LC: My work revolves around the displacement and resistance of the Tharus, and discrimination and the community have faced the hands of the State. Various ethnic groups, including the Tharus, were listed as masinya matwali, which literally means enslavable alcohol drinkers, by the State with Muluki Ain (National Code of 1854). The sample 'Masinya’Comprises 13 ghaila (clay pots) with texts from different periods carved on the surface. The text ranges from statements by King Prithvi Narayan Shah, who is credited with unifying Nepal, to the 2015 Constitution of Nepal, all of which have helped marginalize indigenous peoples.
The ‘Tamasuk’ series tells the stories of the systematic marginalization of the Tharus. During the autocratic rulers' regime, land belonging to the Tharus was distributed as prizes to different administrators and loyal bureaucrats, leaving the Tharus landless on their own land. The kamaiya and kamalari systems were implemented so that the Tharu and their children could be marketed as merchandise.
In the 'Dastoor' series, I used official documents from different periods in Nepali history as a backdrop for portraits of everyday Tharu activities. The documents, issued by Nepal's Sen, Shah and Rana rulers, record how different rulers issued dastoor (legal orders) to control the natives in their own land and with taxes. Heavy taxes, applicable to almost everything, from land to water, forests to agriculture, and crops and animals, which impoverished the Tharus and others.
SC: Your work ‘Ostracism’Contains grains and bullets, what does it mean?
LC: The cereals and grains symbolize the traditional land of the Tharus. The bullets then are placed on top of the grains to connote the systematic violence through which these lands were taken away. Although the grains get older and decompose, they still have the power to procreate. Perhaps resistance functions in a similar manner, growing out of centuries of violence.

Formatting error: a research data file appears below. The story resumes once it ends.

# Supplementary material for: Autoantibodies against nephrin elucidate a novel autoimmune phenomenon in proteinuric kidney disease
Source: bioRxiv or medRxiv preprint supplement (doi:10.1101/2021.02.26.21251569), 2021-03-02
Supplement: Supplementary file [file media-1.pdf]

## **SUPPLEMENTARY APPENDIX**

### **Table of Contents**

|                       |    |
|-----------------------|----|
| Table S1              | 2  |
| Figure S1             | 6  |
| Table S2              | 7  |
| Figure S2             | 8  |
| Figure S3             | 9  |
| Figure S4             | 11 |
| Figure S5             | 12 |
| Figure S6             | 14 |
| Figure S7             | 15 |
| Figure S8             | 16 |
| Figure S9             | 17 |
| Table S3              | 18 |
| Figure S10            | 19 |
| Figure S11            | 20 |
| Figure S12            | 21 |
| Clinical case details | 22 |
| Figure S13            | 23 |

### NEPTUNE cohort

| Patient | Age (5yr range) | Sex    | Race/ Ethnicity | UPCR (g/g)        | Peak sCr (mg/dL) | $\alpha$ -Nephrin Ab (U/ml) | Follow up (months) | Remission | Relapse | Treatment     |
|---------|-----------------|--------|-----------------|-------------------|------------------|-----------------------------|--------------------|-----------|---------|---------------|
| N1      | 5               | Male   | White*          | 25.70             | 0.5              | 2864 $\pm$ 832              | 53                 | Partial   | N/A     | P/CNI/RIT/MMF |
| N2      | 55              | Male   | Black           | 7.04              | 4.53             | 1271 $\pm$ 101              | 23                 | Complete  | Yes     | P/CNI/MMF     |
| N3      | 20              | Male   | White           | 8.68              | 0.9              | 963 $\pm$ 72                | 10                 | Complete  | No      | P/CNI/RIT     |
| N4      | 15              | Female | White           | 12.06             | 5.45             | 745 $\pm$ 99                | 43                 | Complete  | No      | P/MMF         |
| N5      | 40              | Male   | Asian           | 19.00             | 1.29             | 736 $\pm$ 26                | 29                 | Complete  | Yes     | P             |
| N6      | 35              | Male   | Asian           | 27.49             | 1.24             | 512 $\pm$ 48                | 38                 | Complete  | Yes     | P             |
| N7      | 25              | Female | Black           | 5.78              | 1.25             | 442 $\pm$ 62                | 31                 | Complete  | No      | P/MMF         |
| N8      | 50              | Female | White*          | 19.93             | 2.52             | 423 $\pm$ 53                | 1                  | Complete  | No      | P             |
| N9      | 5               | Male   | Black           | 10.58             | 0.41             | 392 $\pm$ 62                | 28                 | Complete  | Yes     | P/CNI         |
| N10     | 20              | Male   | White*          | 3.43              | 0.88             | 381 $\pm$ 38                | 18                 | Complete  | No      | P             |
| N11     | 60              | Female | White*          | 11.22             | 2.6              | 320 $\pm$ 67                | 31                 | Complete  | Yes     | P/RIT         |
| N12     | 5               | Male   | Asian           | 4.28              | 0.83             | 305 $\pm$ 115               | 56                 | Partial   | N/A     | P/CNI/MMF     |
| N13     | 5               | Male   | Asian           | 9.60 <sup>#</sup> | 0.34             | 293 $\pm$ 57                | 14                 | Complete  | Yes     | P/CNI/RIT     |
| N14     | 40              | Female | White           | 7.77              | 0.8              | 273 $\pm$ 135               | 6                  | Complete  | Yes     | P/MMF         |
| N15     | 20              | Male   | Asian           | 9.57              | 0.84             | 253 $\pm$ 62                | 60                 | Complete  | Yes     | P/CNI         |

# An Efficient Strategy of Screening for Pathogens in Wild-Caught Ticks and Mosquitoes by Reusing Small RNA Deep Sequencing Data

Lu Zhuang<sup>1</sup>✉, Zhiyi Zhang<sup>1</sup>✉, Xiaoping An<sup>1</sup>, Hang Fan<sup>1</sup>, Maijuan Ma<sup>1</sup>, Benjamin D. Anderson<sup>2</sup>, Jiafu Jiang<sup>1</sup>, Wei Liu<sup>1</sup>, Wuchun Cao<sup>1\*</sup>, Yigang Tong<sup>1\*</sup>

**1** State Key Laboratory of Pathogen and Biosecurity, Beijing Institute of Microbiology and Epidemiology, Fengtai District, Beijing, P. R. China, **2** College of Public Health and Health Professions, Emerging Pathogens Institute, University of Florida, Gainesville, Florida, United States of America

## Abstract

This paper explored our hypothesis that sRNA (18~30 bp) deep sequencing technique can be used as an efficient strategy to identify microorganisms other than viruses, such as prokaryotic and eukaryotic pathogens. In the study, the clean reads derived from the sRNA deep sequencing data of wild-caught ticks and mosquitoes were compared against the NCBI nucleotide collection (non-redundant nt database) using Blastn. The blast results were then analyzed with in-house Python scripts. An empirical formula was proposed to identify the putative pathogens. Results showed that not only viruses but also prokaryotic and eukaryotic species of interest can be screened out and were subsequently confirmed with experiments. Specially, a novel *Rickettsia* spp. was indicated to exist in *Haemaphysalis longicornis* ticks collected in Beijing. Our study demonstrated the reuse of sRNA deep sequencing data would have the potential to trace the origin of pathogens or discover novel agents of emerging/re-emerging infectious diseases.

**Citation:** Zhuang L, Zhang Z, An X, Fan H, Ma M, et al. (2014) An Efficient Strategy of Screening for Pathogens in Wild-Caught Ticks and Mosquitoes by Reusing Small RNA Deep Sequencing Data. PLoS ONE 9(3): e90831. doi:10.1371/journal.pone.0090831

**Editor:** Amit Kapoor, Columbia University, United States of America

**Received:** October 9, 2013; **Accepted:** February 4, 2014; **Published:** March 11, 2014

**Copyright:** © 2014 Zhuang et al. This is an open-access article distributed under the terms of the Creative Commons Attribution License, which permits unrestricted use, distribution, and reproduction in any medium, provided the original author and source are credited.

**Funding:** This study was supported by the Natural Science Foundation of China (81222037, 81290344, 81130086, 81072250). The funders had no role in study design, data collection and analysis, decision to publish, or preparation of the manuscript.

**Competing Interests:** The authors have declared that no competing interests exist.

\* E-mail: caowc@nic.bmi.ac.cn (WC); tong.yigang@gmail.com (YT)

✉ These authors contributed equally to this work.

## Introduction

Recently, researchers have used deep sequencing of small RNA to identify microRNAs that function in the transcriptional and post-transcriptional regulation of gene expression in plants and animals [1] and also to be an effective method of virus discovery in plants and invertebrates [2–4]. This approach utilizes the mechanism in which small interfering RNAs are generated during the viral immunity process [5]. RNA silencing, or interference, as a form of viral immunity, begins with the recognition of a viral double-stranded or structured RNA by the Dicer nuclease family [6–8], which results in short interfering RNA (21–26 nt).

LC: Cereals and grains symbolize the traditional land of the tharus. The bullets were then placed on the grains to connote the systematic violence used to remove the soil from them. Although grains deteriorate and decompose, they still have the power to procreate. Perhaps resistance works in a similar way, stemming from centuries of violence.
SC: You chose an unusual and less attractive subject, a pesticide, as inspiration for your work called ‘DDT’. Why did you choose it?
LC: DDT, also popularly known as ‘Dangerous Dose to Tharus’, is based on one of the silenced histories of the Tharu community.
During the 50s and 60s, with support from the United States of America and the World Health Organization (WHO), the Nepali Government led a campaign to eradicate malaria in the Terai region. This led to a mass migration of hill people to Terai and large scale of deforestation in the region. The spraying of DDT not only eradicated malaria and the Anopheles mosquitoes but also reduced the Tharus to a minority in their own land. In this painting, I have used a Tharu wall relief technique to paint various objects including images of humans. Each image is approximately the same size as a mosquito.
LC: DDT, also known as ‘Dangerous Dose for the Tharus’, is based on one of the silenced stories of the Tharu community.
During the 1950s and 1960s, with support from the United States of America and the World Health Organization (WHO), the Nepalese government spearheaded a campaign to eradicate malaria in the Terai region. This led to a massive migration of people from the hill to Terai and great deforestation in the region. Spraying DDT wasn't just about malaria and mosquitoes Anopheles but he also reduced the tharus to a minority in his own land. In this painting, I used a tharu wall relief technique to paint various objects, including images of humans. Each image is approximately the same size as a mosquito.